Posts Tagged ‘Quakers’

Albion’s seed in Quaker Pennsylvania

July 21, 2017

David Hackett Fischer argued in Albion’s Seed that the United States is the product of four relatively small groups of migrants to the 17th and 18th century Atlantic seaboard.

The first wave, John Winthrop’s Puritans, established a repressive theocracy in Massachusetts Bay.   The second, Sir William Berkeley’s Cavaliers, established a haughty and repressive aristocracy in tidewater Virginia.

But the third wave, William Penn’s Quakers, established a community around the Delaware Bay based on values that most 21st century Americans could accept.

Quakers believed that all human beings possess an Inner Light which enables them to establish a relationship with God.   They lacked the Puritan sense of sin and the Cavalier sense of hierarchy.

The Quakers opposed war, opposed artificial distinctions among human beings and opposed religious persecution.   They did not weigh down their children with a sense of sin, like the Puritans, nor encourage self-centered pride, like the Cavaliers.   They came the closest of any of the colonists to practicing social equality and equality within marriage.

Many were prosperous and sophisticated merchants—aided by the Quaker reputation for honesty and fair dealing and by the Quaker practice of lending money to each other at zero or low-interest

Like the Puritans, they were extremely austere and enforced strict standards of behavior within their group.   But their method of enforcement was shunning—not the whipping post or the stocks.

Pacifism and toleration are not good memes for staying in power, and the Quakers in a few generations lost positions of power in Pennsylvania, New Jersey and Delaware.   But they continued to influence the general American culture.

They were the first and foremost opponents of slavery and advocates of women’s rights in the early 19th century USA.   In all of the great New England movements for humanitarian reform, whether regarding prison inmates, the insane or even animals, the Quakers were there first.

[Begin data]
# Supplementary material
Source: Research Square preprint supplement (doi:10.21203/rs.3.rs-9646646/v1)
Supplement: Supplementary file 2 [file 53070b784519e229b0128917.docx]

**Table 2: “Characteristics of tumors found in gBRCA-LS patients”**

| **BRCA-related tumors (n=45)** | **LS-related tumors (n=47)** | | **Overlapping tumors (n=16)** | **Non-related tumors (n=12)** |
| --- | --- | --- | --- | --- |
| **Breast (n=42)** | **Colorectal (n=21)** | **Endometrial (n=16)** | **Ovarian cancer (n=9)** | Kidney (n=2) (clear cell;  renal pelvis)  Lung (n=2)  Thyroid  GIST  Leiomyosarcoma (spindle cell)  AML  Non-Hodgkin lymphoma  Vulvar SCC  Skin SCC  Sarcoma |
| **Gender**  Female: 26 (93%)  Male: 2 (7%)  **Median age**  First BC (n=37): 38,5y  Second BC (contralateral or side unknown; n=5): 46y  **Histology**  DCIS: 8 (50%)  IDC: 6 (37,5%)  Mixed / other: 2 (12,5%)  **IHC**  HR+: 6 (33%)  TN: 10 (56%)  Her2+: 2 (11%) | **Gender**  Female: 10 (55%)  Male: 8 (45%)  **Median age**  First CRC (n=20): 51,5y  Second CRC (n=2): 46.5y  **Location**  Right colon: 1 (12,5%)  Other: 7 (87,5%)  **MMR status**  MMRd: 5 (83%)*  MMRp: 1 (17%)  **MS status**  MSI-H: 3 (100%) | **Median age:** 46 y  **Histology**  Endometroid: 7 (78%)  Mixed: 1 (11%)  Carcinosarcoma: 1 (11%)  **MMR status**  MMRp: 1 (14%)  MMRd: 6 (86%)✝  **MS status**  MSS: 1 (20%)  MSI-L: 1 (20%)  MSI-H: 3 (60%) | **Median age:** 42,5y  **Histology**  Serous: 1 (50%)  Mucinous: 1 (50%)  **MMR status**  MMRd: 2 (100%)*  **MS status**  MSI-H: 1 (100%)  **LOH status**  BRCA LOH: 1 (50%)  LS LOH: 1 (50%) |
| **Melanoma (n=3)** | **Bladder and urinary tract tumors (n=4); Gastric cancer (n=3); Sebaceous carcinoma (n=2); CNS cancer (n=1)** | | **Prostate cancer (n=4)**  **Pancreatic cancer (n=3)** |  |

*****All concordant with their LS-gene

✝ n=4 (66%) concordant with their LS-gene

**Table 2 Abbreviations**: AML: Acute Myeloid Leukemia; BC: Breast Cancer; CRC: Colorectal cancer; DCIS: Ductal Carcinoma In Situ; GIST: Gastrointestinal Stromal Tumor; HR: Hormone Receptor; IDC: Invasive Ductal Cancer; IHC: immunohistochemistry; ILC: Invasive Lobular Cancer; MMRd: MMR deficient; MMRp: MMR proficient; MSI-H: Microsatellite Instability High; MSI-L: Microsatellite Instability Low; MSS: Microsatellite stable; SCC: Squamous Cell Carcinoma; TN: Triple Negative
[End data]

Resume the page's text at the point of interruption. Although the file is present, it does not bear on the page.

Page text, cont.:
I don’t, however, see the Quakers as the founders of a regional culture—unlike the New England Puritans, Virginia Cavaliers and Appalachian borderers.

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The seeds of America’s culture wars

April 29, 2016

David Hackett Fischer’s Albion’s Seed: Four British Folkways in America is a ground-breaking 946-page book I never got around to reading, and probably won’t.  But I think I got the gist of it by reading a review by Scott Alexander on his Slate Star Codex blog.

Fischer’s argument is that basic patterns of American culture were set by migrations of four very different groups of migrants from the British Isles:

  • Albion'sSeedhek32xef_largePuritans to New England in the 1620s.
  • Cavaliers to Virginia in the 1640s.
  • Quakers to Pennsylvania in the 1670s.
  • Borderers (aka Scots-Irish) to the Appalachians in the 1700s.

Those who came after, he said, had to adapt to social systems established by these four groups—the moralistic Puritans, the aristocratic Cavaliers, the tolerant Quakers and the warlike Borderers—even though the biological descendants of these groups ceased to be in the majority.

It’s interesting and, I think, at least partly true.   Alexander’s review is long for a blog post, but much shorter than the book, and even those uninterested in his basic theme will enjoy reading his lists of fun facts about each group.

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